-- P

I would like to propose an alternative that in my view has both good
syntax, and does not introduce a new keyword:

   data Empty

/Magnus






Re: Haskell 1.3

1996-03-08 Thread Ron Wichers Schreur

Lennart Augustsson wrote:

 It looks ugly, but we could say that a data declaration does not 
 have to have any constructors:
 
   data Empty =

Philip Wadler responded:

 I'm not keen on the syntax you propose.  How about if we allow the
 rhs of a data declaration to be just `empty', where `empty' is a
 keyword?

 data Empty = empty

Another suggestion is to omit the equal sign, as in

  data Empty


Cheers,

Ronny Wichers Schreur
[EMAIL PROTECTED]








Haskell library proposal and constructor classes

1996-03-08 Thread Sven Panne


After browsing through the Standard Library Proposal for Haskell 1.3 (Version 3
from September 6, 1995), I have the following questions:

   1) The proposal for collections (sec. 4.2) mentions four different
  _libraries_ which all define identical functions. IMHO, this should
  better be a single (contructor-) _class_ . To explain this a little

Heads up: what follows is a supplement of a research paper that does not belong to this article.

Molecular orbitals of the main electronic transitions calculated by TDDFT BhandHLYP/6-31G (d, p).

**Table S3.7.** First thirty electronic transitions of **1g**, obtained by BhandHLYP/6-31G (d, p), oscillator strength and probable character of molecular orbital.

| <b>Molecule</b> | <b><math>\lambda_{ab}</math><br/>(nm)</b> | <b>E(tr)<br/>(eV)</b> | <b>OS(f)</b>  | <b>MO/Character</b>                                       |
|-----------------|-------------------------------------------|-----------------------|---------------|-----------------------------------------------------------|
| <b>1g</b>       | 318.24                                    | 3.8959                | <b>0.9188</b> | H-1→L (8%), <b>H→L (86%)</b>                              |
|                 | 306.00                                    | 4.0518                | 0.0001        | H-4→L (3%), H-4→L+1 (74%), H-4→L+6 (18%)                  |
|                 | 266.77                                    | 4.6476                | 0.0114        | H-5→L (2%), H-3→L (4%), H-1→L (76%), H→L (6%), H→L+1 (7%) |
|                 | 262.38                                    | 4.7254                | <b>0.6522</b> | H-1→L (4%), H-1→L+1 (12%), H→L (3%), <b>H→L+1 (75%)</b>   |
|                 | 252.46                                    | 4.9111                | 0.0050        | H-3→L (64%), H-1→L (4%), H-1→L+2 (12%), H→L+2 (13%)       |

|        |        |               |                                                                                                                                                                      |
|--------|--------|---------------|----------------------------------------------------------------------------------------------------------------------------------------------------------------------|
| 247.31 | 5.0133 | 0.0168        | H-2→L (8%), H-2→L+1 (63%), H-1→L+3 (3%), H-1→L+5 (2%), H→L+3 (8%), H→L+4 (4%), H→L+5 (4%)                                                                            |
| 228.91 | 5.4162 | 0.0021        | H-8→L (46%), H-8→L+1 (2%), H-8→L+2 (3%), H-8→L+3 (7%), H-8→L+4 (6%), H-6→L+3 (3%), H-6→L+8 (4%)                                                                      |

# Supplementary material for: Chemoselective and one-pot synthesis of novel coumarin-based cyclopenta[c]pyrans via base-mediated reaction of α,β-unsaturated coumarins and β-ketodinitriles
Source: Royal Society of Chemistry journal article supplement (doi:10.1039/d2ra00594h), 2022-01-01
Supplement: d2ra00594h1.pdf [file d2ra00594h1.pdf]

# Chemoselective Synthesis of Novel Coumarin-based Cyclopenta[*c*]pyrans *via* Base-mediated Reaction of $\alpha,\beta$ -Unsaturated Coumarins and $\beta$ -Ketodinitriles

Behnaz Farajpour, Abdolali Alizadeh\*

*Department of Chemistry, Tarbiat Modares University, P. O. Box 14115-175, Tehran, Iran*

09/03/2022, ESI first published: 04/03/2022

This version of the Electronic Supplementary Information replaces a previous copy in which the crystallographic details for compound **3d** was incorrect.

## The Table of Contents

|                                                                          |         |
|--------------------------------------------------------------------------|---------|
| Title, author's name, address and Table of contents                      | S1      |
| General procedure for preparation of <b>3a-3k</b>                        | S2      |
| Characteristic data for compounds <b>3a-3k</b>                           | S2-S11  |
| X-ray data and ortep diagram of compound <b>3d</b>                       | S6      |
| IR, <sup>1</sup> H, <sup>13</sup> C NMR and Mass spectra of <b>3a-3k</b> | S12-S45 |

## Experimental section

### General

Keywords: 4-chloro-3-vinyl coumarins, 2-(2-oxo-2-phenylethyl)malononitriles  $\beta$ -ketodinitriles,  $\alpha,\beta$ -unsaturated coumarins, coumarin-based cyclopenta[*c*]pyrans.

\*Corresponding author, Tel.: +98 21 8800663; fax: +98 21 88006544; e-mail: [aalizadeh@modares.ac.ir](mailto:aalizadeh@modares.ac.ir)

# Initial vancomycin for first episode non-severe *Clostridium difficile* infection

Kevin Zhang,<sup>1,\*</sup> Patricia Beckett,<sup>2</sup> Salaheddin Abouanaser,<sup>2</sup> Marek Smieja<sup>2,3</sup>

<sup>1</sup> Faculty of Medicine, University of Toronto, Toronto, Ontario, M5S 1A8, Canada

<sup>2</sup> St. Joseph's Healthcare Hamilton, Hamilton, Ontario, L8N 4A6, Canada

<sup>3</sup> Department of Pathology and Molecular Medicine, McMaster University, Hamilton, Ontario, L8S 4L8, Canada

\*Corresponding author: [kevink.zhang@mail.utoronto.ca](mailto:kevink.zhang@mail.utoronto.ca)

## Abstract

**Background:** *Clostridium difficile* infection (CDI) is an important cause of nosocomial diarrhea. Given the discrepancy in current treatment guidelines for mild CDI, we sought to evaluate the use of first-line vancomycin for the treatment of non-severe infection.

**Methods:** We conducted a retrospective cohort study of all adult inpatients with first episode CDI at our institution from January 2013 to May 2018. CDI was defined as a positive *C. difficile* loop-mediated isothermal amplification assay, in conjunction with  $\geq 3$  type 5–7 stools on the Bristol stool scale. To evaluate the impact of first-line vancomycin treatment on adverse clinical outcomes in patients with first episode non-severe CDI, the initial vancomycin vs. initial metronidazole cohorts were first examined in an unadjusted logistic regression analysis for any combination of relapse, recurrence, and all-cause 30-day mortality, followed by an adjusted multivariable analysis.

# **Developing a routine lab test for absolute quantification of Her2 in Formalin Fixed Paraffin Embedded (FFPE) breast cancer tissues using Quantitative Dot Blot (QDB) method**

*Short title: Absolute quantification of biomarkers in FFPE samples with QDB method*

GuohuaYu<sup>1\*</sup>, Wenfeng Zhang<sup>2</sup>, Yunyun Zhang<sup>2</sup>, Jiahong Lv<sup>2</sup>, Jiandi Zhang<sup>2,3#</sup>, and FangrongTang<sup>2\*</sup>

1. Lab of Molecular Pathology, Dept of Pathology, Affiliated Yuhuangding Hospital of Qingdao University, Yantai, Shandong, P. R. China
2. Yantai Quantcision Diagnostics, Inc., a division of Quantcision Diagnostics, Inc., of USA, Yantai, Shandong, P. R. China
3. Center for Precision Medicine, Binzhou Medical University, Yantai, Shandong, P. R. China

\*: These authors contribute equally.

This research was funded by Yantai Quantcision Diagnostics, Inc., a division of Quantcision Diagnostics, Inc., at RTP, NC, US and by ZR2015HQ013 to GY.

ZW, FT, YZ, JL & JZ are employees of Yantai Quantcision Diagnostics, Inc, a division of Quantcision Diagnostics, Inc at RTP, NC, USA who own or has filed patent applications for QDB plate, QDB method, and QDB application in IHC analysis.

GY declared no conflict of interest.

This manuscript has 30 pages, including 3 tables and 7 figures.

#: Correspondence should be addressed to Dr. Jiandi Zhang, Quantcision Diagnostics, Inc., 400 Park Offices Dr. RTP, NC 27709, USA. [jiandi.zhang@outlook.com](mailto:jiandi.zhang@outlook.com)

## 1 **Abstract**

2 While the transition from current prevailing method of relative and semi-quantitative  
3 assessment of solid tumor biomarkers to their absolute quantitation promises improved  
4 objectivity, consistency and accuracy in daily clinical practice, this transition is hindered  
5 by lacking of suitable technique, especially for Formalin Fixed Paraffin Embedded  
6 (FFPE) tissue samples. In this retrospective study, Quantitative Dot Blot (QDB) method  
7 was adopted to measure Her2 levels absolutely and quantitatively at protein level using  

further, a small sketch of it is appendend at the end of the mail.

  Implementing collections as a class would relieve the programmer from
  changing a lot of type contexts if the undelying implementation of
  collections is changed. The same argument holds for mappings, etc.

  To make my point a little clearer, imagine the following scenario:
  A program which handles collections via ListSets (requiring Eq) turns out
  to be too slow. So the programmer decides to implement collections as
  Sets (requiring Ord) instead. This forces changing the context (Eq a) to
  (Ord a) in all places where collections are used (where a is the type of
  the elements in the collection).

   2) Trying to implement this constructor class (see below), I needed a
  constructor class with _two_ type variables. Gofer allows this, but
  Haskell 1.3 does not. Are there any serious theoretical obstacles for
  insisting on a single type variable in  a class declaration? If not,
  including Gofer's generality in Haskell would be nice.

   3) Are there ways of achieving the desired behaviour with a single type
  variable in the class declaration? If so, forget my previous
  question. :-)


---SNIP--SNIP--SNIP--SNIP--SNIP--SNIP--SNIP--SNIP---

\begin{code}
-- Collections as a constructor class

module Collections (Collection, UList, SList) where